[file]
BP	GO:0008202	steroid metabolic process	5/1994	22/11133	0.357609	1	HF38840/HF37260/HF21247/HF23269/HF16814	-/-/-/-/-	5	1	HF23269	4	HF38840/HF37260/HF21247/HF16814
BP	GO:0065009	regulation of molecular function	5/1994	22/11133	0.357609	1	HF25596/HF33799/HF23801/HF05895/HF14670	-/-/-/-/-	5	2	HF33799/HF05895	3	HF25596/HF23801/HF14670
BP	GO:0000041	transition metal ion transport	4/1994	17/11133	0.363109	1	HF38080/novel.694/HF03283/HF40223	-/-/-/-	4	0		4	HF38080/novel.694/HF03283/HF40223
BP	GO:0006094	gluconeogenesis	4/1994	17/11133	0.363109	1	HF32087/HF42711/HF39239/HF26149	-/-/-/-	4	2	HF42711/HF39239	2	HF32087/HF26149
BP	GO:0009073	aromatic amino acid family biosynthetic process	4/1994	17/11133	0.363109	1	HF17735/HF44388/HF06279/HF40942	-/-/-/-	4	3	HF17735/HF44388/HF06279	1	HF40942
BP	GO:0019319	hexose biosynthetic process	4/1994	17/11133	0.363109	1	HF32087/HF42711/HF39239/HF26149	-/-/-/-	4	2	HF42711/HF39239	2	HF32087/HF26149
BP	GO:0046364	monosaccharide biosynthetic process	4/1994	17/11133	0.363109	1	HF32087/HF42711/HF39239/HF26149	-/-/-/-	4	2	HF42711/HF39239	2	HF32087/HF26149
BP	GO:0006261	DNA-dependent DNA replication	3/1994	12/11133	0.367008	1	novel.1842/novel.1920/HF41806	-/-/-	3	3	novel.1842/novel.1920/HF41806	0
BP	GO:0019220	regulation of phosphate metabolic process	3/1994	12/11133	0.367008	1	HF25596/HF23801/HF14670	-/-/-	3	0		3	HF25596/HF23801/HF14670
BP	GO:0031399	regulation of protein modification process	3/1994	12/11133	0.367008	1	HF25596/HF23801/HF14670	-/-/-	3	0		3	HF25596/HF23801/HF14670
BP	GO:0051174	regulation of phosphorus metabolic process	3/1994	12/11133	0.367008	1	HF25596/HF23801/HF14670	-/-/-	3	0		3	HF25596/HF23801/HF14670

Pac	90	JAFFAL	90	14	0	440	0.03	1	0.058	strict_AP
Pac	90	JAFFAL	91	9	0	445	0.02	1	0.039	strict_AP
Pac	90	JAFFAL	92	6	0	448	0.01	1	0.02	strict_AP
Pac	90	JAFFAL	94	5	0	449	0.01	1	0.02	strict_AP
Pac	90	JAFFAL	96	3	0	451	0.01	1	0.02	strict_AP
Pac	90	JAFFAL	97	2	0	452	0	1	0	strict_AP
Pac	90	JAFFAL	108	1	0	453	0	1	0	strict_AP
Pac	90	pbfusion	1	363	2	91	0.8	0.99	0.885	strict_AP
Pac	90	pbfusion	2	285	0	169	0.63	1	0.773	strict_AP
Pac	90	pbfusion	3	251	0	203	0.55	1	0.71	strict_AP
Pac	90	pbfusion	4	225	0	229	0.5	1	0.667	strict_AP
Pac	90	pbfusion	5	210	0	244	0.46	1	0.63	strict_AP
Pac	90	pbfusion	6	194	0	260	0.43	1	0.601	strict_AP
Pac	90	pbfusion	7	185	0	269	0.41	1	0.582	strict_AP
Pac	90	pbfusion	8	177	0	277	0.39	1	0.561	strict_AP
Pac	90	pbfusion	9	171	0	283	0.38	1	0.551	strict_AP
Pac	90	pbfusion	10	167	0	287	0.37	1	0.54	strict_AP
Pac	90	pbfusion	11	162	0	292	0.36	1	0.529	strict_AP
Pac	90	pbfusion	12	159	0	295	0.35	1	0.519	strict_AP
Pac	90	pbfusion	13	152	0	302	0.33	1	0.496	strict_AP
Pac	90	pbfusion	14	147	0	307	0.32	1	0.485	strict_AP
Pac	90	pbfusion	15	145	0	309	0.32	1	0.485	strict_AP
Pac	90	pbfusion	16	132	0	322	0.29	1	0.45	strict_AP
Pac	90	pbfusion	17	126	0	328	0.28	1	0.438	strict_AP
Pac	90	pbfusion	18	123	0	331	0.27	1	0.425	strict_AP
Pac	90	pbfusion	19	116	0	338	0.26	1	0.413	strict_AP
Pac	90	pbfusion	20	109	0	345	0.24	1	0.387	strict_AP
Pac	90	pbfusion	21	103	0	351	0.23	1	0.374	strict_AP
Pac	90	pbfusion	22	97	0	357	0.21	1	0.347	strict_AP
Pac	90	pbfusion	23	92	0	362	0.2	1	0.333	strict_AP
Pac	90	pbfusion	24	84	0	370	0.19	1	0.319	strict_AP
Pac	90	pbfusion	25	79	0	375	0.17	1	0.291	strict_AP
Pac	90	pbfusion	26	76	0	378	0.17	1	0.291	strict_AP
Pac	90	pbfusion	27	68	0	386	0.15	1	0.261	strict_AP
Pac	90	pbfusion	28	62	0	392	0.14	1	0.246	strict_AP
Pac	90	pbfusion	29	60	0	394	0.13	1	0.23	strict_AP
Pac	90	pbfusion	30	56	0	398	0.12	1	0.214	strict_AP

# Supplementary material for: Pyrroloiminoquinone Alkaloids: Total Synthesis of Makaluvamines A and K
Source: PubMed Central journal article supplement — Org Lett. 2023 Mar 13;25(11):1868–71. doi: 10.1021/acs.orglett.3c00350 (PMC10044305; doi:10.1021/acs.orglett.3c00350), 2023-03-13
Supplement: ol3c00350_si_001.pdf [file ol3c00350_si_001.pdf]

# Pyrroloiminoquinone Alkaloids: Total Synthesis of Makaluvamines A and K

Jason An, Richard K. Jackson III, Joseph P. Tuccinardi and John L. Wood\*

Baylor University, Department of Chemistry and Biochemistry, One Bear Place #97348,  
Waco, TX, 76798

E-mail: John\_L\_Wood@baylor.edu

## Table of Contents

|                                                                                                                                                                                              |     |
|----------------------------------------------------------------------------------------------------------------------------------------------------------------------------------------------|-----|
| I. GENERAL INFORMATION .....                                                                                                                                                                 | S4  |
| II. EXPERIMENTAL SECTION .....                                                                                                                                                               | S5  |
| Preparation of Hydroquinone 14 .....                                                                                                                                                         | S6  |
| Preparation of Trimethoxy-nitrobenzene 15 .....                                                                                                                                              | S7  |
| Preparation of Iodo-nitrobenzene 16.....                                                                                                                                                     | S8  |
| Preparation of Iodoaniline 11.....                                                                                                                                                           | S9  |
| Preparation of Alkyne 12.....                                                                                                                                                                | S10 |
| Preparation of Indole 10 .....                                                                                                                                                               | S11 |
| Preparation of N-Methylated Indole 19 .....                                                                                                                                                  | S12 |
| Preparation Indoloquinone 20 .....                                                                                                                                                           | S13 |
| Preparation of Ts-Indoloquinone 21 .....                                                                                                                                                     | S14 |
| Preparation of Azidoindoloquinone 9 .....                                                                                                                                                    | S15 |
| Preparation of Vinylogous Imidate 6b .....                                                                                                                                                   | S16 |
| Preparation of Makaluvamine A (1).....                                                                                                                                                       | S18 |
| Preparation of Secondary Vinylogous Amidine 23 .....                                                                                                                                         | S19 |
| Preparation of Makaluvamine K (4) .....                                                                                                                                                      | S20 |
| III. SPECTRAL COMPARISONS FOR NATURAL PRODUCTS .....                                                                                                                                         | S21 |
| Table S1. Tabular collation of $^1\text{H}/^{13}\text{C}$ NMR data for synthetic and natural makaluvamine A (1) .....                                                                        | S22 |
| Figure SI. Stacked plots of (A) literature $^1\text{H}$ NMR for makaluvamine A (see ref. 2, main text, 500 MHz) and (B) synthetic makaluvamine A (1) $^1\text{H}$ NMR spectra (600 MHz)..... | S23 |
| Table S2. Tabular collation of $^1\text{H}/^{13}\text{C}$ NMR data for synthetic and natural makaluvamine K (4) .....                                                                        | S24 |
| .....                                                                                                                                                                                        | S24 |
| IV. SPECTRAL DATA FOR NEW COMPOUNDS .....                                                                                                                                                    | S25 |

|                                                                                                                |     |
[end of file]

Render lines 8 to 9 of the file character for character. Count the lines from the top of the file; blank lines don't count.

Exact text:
BP	GO:0006261	DNA-dependent DNA replication	3/1994	12/11133	0.367008	1	novel.1842/novel.1920/HF41806	-/-/-	3	3	novel.1842/novel.1920/HF41806	0
BP	GO:0019220	regulation of phosphate metabolic process	3/1994	12/11133	0.367008	1	HF25596/HF23801/HF14670	-/-/-	3	0		3	HF25596/HF23801/HF14670